Born Free has cautiously welcomed the news that leading holiday operator Thomas Cook is to stop selling tickets to facilities keeping orca in captivity. This includes the controversial SeaWorld parks and Loro Parque in Tenerife.
Sustained efforts to inform the travel industry over many years by Born Free, Peta and others have undoubtedly influenced a decision which Thomas Cook states is based on a review of the scientific evidence.
Born Free is convinced that the complex needs of whales, dolphins and porpoises (cetaceans) cannot be met in captivity, and calls for an end to the keeping of these animals in dolphinariums.
The charity believes this decision is symptomatic of a rapidly growing shift in public attitudes away from the exploitation of wild animals in captivity.
“The captive exploitation of marine mammals, elephants for riding, lion and tiger cubs for petting, and primates and other species for photographic props is falling from favour, particularly in European and North American markets and Thomas Cook’s decision accurately reflects the public mood,” said Born Free CEO, Howard Jones.
Dr Chris Draper, Head of Animal Welfare and Captivity at Born Free, added: “The physical, sensory and social environment in which cetaceans live in the wild contrasts dramatically with the restricted and barren tanks found in dolphinariums where cetaceans are kept purely for human ‘entertainment’. It is our hope that Thomas Cook’s lead will cause others in the travel industry to abandon promoting visits to dolphinariums, and that this will mark the beginning of the end for the captive cetacean industry once and for all.
“On a cautionary note, the announcement by Thomas Cook appears to apply only to facilities keeping orca: it remains to be seen whether they or other travel agents respond to the risk of suffering endured by other cetaceans such as dolphins and beluga kept in captivity and take appropriate action. Furthermore, it is imperative that we investigate the keeping of cetaceans for entertainment purposes across the globe to ensure that Thomas Cook’s decision does not simply shift the problem from North America and Europe to emerging markets for captive cetaceans in the Middle East, Asia and the Far East."
Draper continued: “While there is a long way to go, I hope we will soon welcome an era where the global travel industry starts to work with Born Free and other welfare and conservation NGOs, to promote the protection and long-term future of cetacean in the wild where they belong.”
In 2016, Guo Guangchang, one of China’s wealthiest businessmen and his company Fosun, together with Thomas Cook, launched a joint venture – Thomas Cook China, to provide travel services to affluent Chinese tourists. Fosun owns 51% of the new company. Within the last two weeks, Thomas Cook China announced a strategic partnership with the government of Hainan Provence, China, to promote tourism to the city of Sanya on Hainan Island, where the recently-opened $1.74 billion Atlantis Sanya, owned by Fosun and managed by Kerzner International, features captive bottle-nose dolphins, belugas and sharks.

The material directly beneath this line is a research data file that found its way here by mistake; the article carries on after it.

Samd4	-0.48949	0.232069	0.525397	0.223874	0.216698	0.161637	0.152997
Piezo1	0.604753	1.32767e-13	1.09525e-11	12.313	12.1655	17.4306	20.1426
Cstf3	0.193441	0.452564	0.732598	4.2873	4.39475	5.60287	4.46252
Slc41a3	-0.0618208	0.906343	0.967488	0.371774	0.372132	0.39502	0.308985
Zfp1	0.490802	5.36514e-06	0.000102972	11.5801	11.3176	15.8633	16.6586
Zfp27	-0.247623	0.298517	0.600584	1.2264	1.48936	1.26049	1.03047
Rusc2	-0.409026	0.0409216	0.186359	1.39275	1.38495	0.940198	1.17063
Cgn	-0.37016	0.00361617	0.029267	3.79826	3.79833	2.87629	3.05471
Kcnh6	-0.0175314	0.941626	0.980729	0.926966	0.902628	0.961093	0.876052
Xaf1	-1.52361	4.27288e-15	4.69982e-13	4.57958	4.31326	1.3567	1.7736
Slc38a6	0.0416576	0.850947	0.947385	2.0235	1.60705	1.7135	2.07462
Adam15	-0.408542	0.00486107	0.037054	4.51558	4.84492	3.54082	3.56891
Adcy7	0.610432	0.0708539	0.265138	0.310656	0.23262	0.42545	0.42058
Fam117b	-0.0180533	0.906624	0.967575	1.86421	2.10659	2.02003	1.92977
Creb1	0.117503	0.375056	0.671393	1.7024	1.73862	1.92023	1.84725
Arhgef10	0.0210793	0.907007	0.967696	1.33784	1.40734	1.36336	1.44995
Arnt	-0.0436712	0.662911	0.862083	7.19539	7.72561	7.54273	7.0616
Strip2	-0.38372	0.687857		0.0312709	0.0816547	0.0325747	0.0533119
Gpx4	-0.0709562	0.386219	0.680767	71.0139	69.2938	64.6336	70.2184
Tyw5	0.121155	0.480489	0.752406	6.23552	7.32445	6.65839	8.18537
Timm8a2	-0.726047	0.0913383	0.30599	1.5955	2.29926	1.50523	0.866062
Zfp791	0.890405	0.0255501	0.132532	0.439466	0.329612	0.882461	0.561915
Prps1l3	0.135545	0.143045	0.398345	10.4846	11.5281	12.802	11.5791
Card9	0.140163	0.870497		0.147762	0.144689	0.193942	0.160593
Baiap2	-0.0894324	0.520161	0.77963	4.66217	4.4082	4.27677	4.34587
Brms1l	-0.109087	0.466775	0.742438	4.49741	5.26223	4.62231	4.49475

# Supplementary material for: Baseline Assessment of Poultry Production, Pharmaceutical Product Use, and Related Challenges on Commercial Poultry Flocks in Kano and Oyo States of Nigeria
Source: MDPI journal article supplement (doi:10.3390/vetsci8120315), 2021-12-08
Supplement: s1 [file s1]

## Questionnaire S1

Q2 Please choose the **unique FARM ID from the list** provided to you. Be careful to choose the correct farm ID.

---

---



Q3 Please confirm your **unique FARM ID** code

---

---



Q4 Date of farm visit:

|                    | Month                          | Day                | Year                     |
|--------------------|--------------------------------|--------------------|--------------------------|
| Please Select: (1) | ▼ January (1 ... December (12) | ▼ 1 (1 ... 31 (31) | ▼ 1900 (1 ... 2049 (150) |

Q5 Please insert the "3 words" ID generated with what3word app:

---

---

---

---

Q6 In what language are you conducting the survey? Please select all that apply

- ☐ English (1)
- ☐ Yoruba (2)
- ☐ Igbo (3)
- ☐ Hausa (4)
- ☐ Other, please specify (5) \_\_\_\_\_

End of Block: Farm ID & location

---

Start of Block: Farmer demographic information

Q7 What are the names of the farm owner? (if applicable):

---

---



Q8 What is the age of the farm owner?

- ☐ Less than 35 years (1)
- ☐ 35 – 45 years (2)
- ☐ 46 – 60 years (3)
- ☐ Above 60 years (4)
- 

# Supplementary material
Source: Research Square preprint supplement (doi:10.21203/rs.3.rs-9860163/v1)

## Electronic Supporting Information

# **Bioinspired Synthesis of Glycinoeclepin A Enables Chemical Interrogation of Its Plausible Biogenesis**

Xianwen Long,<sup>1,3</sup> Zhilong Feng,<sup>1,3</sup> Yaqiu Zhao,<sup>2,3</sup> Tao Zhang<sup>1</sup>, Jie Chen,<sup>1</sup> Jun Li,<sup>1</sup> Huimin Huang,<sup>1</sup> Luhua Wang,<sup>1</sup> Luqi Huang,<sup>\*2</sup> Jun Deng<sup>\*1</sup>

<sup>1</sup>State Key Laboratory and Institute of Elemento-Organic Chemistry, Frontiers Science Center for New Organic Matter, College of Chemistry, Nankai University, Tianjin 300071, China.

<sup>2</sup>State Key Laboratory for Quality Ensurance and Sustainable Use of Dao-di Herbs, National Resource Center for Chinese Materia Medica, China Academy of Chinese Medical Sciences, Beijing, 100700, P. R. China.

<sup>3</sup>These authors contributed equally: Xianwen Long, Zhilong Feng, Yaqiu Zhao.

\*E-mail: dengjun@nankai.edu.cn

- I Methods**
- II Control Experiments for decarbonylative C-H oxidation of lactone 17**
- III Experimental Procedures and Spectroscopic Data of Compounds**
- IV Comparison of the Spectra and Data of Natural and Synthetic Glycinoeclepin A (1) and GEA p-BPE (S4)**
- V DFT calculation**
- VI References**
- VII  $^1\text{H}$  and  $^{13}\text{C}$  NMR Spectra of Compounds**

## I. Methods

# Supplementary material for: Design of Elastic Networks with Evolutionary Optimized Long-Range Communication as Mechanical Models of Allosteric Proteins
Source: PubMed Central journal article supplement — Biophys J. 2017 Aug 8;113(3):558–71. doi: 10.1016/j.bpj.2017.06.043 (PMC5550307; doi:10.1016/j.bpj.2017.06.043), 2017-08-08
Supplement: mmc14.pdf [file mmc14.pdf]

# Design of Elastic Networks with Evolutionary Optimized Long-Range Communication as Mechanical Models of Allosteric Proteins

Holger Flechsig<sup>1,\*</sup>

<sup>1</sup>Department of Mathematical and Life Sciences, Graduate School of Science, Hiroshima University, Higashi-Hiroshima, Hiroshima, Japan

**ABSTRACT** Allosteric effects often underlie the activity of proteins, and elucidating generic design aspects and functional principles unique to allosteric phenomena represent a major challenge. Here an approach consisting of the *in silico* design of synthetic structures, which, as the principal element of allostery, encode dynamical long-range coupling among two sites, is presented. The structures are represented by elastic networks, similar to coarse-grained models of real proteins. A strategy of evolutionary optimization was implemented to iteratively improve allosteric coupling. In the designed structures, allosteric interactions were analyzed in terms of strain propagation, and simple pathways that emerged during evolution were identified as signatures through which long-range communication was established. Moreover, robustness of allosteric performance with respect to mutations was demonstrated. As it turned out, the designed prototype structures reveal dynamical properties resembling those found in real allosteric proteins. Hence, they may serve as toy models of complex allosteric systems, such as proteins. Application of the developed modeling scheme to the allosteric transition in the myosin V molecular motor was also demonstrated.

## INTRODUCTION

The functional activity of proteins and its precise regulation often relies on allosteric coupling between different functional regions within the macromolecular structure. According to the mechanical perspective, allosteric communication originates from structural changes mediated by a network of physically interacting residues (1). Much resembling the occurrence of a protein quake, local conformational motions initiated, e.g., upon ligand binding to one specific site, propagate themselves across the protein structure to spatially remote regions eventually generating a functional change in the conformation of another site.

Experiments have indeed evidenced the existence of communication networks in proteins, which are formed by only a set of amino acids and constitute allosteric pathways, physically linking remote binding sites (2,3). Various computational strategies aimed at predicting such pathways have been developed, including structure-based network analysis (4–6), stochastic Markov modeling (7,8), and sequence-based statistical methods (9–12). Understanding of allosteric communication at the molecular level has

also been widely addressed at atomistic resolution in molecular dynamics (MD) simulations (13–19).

Born Free favours moving investment away from captive exploitation towards real, compassionate conservation in the wild.
Born Free notes that while Thomas Cook, the best-known travel brand in the UK, is moving away from captive wild animal exploitation, Bear Grylls in partnership with Sea Life, is opening a new ‘Dive With Sharks’ experience at the Birmingham NEC with the opportunity to create more such ‘attractions’ should this prove to be popular. Born Free urges the public to vote with their feet, to stay away and send a clear signal to Grylls, Sea Life (and its owners Merlin Entertainment) and the City of Birmingham that enough is enough.
Loro Parque has stated that they received a clean bill of health from a facilities auditing company called Global Spirit, asserting that Global Sprit was ‘linked to The Born Free Foundation’. For the record, Born Free is not linked to Global Spirit and maintains its historic and principled opposition to the exploitation of captive wildlife. Born Free helped return three of the last captive bottle-nose dolphins from the UK to the wild in 1992 (there have been no captive dolphins in the UK since 1993) and, more recently, undertook the rescue, rehabilitation and release of two bottle-nose dolphins from captivity in Turkey to freedom in 2012.